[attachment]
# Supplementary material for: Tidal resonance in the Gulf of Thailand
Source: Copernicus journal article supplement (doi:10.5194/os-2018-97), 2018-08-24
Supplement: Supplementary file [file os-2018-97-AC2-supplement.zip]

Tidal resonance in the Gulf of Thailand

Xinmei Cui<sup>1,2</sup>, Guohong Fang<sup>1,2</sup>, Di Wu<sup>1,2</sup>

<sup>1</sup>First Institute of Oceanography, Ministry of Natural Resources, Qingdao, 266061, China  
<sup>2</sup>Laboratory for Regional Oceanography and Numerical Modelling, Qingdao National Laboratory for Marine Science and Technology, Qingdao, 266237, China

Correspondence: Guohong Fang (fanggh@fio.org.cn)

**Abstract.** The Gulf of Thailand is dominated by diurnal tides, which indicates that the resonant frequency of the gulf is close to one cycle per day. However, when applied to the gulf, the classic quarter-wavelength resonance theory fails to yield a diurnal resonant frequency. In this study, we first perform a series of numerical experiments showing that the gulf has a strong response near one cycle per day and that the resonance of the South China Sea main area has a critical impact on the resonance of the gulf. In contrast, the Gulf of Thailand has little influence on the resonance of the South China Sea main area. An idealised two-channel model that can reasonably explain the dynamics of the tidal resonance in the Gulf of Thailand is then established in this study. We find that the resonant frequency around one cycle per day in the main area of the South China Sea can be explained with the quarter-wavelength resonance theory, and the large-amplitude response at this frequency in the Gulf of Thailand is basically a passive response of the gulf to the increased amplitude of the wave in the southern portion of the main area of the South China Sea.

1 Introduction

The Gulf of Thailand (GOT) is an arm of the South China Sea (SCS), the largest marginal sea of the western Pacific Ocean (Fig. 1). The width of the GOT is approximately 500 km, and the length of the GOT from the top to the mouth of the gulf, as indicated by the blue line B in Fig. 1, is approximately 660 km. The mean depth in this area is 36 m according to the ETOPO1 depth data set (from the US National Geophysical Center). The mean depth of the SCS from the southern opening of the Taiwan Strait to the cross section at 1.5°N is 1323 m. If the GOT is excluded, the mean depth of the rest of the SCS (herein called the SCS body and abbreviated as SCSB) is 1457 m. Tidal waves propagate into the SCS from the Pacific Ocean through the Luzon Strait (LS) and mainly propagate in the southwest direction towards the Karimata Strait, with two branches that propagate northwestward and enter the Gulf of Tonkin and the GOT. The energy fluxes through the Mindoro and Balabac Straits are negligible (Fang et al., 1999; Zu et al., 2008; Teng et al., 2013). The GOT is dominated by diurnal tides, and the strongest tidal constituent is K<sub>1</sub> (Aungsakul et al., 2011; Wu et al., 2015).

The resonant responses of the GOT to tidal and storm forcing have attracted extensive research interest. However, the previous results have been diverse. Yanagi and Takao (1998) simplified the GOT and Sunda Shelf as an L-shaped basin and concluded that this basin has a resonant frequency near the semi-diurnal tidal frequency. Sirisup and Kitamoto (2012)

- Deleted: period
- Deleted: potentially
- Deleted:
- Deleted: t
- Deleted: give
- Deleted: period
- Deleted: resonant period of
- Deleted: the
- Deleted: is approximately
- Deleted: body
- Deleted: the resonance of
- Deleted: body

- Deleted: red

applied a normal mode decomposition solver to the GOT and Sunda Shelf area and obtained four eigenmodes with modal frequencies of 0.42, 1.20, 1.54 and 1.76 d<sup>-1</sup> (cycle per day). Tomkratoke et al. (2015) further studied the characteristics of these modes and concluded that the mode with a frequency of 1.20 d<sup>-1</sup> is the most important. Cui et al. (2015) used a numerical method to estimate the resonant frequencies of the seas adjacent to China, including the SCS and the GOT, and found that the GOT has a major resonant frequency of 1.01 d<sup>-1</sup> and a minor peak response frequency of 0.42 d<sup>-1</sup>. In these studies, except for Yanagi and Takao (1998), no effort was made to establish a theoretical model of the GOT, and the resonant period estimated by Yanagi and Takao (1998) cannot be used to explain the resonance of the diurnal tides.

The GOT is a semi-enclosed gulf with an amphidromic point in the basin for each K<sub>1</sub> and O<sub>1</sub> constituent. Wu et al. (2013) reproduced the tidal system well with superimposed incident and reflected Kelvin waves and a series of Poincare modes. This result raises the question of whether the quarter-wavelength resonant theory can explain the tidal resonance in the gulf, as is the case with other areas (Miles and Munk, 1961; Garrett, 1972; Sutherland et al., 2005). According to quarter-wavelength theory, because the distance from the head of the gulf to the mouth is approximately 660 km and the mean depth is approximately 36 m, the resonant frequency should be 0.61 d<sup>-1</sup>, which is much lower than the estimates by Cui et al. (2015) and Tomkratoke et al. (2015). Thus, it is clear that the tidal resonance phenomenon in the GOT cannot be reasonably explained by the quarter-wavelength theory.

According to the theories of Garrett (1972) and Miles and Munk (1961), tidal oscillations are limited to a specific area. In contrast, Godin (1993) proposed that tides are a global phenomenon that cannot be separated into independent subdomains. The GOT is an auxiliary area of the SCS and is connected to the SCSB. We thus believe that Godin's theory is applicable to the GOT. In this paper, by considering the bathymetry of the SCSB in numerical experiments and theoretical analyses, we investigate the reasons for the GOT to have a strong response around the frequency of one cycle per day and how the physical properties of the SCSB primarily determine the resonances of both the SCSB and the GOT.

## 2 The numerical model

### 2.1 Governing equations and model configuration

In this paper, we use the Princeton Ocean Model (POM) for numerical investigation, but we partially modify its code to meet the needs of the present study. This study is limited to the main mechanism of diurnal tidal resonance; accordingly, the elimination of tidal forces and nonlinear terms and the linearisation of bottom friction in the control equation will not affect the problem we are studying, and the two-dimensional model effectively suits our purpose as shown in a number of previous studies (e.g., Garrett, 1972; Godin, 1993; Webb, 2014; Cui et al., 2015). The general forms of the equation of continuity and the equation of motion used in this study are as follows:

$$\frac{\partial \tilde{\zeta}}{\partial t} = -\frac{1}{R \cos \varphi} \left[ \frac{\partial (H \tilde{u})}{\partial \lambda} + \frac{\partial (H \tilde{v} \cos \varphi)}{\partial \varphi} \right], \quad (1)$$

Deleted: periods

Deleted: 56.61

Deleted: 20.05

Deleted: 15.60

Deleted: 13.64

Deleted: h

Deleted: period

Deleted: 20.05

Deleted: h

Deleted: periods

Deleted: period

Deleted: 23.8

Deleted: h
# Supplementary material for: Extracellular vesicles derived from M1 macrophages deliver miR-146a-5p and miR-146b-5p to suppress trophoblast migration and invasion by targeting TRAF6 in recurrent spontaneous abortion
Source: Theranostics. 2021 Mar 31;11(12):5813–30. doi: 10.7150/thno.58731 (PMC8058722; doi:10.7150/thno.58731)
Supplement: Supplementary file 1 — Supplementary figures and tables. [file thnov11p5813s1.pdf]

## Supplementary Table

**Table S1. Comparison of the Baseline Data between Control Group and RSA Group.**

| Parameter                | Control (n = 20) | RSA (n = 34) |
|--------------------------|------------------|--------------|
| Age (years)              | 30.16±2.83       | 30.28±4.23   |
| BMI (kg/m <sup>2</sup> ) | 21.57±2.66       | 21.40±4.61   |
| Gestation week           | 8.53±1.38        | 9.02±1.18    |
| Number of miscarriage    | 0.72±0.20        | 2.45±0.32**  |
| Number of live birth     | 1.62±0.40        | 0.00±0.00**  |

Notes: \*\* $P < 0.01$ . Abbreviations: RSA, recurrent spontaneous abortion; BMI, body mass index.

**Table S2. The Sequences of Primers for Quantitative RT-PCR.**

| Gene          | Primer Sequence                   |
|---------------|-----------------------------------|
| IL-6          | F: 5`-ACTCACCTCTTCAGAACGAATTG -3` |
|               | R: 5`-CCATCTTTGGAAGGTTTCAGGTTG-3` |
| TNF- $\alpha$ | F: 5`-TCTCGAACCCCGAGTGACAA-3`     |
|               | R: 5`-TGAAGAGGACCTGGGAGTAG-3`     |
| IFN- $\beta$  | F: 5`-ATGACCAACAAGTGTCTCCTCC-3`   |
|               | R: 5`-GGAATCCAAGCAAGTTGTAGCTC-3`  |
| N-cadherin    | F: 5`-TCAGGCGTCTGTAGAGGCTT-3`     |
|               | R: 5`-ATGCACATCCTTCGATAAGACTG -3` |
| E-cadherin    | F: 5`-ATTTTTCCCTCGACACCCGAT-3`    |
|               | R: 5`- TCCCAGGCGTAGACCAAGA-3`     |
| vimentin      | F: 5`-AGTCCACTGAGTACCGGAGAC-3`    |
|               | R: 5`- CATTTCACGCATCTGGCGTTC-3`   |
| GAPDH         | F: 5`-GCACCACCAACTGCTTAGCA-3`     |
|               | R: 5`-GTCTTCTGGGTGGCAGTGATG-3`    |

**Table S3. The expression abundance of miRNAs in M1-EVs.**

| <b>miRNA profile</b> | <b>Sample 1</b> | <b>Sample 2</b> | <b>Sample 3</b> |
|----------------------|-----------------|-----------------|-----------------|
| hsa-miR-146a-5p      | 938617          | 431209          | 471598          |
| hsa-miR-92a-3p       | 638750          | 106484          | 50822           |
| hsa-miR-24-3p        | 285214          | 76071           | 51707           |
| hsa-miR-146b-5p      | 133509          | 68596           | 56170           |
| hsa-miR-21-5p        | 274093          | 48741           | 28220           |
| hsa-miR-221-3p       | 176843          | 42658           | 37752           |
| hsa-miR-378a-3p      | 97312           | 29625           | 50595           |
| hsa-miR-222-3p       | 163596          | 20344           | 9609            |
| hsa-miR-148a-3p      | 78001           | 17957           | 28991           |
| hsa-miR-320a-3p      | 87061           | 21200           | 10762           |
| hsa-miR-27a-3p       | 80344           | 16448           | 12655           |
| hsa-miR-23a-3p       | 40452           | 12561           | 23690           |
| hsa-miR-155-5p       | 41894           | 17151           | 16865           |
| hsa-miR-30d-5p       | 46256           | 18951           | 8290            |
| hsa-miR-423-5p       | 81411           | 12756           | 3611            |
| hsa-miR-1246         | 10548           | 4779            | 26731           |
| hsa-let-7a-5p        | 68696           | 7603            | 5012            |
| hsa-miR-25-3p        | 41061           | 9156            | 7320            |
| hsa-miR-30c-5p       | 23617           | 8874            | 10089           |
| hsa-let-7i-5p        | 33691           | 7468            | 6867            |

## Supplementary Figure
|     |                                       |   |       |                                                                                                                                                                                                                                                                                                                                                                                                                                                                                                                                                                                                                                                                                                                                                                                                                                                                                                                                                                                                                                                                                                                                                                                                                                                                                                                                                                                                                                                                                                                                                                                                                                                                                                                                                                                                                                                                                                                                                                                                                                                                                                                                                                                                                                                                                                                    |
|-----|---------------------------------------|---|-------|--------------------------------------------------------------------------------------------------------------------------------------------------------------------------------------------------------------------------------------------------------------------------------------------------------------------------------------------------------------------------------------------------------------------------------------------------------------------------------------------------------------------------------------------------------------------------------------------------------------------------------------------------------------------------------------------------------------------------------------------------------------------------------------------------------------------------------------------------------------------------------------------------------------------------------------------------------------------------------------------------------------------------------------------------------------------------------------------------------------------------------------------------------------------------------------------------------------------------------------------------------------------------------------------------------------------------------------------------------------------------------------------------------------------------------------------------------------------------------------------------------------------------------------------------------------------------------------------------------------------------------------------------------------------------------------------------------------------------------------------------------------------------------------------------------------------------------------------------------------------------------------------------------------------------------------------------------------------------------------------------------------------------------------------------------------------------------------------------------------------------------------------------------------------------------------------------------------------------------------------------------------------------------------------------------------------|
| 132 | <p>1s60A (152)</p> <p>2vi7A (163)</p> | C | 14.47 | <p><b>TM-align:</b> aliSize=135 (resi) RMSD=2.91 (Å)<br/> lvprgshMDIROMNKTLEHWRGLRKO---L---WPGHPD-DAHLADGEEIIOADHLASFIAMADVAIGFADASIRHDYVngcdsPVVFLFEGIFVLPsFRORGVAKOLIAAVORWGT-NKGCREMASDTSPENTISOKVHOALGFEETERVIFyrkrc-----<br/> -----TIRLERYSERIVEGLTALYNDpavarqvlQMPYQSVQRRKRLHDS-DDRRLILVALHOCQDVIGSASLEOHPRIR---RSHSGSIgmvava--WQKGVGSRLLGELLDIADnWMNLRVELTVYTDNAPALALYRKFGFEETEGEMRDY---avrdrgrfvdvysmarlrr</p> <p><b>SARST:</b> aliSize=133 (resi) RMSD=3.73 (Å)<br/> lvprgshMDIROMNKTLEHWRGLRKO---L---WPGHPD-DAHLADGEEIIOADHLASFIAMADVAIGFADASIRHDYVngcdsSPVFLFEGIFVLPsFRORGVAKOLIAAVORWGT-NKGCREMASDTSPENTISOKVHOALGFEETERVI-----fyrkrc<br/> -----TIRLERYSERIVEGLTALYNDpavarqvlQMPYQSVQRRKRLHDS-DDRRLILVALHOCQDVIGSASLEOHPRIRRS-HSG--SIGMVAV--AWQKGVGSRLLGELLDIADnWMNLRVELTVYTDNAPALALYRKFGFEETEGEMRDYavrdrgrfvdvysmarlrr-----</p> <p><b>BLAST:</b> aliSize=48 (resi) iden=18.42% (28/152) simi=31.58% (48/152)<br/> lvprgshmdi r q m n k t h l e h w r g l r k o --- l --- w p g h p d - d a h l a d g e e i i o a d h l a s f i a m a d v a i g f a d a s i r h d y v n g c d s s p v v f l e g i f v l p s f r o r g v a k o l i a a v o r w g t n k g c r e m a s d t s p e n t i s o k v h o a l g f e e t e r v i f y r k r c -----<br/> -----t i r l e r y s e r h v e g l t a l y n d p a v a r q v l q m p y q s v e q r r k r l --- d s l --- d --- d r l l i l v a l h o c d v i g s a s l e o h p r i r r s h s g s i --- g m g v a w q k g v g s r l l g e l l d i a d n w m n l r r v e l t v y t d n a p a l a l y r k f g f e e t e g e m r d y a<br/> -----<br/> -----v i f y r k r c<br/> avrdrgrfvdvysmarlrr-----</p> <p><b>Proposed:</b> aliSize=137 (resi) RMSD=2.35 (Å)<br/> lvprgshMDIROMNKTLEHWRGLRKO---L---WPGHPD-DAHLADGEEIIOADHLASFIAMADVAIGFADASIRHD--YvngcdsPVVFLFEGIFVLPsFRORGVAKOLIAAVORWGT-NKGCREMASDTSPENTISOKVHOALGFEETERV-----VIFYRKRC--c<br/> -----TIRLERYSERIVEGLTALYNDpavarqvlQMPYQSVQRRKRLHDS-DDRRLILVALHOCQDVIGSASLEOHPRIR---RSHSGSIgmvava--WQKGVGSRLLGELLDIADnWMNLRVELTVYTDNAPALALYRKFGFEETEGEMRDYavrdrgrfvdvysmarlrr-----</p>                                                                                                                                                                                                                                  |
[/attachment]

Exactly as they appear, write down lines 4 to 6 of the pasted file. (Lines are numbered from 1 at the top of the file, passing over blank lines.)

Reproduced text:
Tidal resonance in the Gulf of Thailand

Xinmei Cui<sup>1,2</sup>, Guohong Fang<sup>1,2</sup>, Di Wu<sup>1,2</sup>

<sup>1</sup>First Institute of Oceanography, Ministry of Natural Resources, Qingdao, 266061, China  